These many years later, I look up and see what the Lord has done. I see how in moments of overwhelm He stepped in and moved my life forward. I see how when I couldn’t walk, he carried me. I’m finally learning to trust in the journey.
Hey everyone! In my last post, I wrote how when I stumbled into my new career, I’d had to leave the oars alone and let the boat drift downstream. I talked about trying to run away from the pain of loss and, and how when I looked up one day, I had a spanking new career and my heart was quietened. Today I wanted to share with you similar experiences I’ve had in my life where God carried me.
When my younger sister Beatrice passed away, I was numb. I was sure the world would stop. Should stop. How dare it not stop. Someone I know personally and deeply well had died and the world had dared go on! The anguish. I cried to the point of being disrespectful as one neighbour calmly pointed out, instructing me to get a hold of my grief. The months turned into a year. I busied myself with travel plans, finding a home, setting up camp -that was my gift of distraction. I looked up one day, and I had a new home and the pain had dulled.
I remember the pain of my first heartache and how for weeks I couldn’t move, laying down on my sofa intermittently weeping and sleeping. An opportunity to go back to school and better myself, earn my degree, was my gift of distraction. I got up every morning and attended lectures, and years later I looked up one day; I had earned my degree, and the ache had subsided.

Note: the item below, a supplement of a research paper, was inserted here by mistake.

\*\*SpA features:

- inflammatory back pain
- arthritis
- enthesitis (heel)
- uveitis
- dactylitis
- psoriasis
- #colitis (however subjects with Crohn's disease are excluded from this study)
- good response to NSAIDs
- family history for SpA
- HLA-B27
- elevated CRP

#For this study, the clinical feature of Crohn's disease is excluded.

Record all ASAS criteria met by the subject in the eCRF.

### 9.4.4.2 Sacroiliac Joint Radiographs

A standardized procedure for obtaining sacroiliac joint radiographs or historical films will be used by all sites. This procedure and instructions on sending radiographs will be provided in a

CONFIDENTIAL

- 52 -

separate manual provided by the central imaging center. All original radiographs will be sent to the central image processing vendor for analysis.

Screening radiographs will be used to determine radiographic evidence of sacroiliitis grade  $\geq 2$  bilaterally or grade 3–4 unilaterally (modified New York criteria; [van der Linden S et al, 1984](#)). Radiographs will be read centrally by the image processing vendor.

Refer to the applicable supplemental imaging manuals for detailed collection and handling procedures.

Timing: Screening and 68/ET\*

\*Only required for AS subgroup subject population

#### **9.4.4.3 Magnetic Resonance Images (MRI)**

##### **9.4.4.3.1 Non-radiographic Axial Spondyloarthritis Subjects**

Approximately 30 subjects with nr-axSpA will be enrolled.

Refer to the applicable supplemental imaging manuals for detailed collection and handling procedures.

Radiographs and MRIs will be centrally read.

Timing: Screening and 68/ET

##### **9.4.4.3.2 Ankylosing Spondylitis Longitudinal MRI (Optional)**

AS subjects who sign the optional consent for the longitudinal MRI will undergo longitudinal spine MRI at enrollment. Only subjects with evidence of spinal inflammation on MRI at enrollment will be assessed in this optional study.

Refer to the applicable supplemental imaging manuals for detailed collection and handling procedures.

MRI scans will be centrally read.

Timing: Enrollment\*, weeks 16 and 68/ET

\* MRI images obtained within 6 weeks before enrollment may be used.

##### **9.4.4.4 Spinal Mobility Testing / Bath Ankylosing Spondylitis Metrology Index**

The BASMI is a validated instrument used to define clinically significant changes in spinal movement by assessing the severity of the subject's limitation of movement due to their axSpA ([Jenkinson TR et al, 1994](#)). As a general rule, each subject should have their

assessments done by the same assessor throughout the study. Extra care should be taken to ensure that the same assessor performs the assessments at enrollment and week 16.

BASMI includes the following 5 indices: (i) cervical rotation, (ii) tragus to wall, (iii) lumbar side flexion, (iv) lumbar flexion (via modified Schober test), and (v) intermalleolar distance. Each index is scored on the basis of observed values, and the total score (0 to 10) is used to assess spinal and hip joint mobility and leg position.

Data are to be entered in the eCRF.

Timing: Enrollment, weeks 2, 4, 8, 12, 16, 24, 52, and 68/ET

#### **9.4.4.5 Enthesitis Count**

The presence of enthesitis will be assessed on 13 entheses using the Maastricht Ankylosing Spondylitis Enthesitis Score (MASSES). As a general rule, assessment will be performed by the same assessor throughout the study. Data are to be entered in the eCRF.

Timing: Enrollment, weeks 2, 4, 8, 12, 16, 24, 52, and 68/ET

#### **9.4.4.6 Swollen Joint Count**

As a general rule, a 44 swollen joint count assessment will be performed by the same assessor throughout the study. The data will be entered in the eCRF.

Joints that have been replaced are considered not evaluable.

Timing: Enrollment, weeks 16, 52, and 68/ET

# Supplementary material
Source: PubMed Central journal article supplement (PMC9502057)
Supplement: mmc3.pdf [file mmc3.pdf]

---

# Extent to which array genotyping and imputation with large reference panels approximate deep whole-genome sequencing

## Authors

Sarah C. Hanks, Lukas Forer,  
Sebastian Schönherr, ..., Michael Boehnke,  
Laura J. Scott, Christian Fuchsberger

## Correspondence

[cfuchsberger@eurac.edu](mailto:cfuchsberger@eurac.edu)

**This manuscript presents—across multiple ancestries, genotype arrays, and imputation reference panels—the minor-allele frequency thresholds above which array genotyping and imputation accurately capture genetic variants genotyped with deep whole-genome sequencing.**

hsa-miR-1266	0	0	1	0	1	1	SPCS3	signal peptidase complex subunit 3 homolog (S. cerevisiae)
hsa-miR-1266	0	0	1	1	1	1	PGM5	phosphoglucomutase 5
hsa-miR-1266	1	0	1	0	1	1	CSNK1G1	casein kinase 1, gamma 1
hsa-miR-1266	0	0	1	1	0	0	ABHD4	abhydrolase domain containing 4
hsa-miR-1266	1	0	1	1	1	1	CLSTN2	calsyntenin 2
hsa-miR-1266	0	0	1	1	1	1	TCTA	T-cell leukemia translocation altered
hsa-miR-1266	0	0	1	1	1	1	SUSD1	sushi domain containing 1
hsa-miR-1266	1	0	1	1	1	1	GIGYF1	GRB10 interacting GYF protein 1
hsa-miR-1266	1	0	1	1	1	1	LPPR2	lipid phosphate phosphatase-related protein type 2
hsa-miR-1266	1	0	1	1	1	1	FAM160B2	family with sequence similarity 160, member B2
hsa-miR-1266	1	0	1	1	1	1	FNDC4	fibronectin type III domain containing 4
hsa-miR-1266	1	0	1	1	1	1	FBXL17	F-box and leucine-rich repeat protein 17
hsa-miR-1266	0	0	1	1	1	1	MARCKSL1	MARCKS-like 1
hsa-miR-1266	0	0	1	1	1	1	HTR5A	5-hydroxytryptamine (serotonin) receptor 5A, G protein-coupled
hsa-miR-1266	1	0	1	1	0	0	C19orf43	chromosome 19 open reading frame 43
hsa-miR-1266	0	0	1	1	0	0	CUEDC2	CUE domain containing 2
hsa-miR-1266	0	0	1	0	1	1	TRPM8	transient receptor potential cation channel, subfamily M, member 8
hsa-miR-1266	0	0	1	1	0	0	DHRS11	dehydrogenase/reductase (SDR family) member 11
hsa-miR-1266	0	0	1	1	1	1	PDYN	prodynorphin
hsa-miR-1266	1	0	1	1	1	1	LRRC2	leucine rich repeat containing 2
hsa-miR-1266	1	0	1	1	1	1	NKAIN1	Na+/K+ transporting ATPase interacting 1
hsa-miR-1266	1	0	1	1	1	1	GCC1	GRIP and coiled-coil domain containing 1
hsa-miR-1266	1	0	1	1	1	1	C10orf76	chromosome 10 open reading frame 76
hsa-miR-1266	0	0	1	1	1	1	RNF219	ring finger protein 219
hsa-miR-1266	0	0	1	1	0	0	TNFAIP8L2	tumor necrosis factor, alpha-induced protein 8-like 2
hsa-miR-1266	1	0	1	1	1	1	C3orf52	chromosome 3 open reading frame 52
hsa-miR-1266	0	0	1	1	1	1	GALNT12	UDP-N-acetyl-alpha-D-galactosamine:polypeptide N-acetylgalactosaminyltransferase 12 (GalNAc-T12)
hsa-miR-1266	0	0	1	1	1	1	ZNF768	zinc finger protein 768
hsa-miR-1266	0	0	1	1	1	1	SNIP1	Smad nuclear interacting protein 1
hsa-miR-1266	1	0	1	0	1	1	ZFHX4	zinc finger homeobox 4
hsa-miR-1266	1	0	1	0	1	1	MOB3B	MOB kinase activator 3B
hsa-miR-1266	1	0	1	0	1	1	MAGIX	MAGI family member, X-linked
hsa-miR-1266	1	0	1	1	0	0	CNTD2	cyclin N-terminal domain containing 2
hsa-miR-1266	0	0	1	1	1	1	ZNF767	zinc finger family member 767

I remember how in the midst of my first heartbreak, the burning scorn. I crossed borders to England to the comfort of my friend Merab’s home where I lay on the sofa for days and cried. An offer for a dream job that I had coveted for as long as I can remember was my gift of distraction this time. I abandoned Merab’s couch and flew back to Belgium to take on my new position. Every day I sobbed all the way to work, worked when I got there, then sobbed all the way back home. Fast forward six months -I looked up one day; I had launched a corporate career, and my heart had mended.
I remember the year I was planning to relocated from Belgium to the US, how overwhelmed I was, The sheer exhaustion from the logistics of wrapping up two lives and shipping off to the US. Looking back I have no clear recollection of how I did it. My gift from the panic of wondering if I was making the right move was the busyness of packing up everything, tying up lose ends. Next thing I knew my husband was waiting to pick us up at JFK in New York City. Once I got home I slept for three days straight from sheer fatigue. I had taken the risk, I had jumped. Time passed and I looked up one day; I had a loving husband and a father to my Jantje, my anxiety had subsided -I was in good hands.
Looking back, it’s clear as day that someone carried me over the threshold of all these moments. In all these examples, the turmoil of the moment was masked by another offering, a distraction, the busyness of doing. Keeping busy and working truly is the balm of Gilead. I cannot claim to have been in charge or in control of the unfoldings in my life. In a sense, I was carried. At the very least, distracted from whatever conundrum I was faced with. A higher power took over and ordered my steps. My part consisted of putting one foot in front of the other and going, doing, becoming, despite the pain or the desire to lie down and sleep on. Healing has always come on the wings of doing. I take no credit, for I have no doubt I was carried. Thanks for reading. Have a happy Sunday -Cheers, ღ Grey xoxo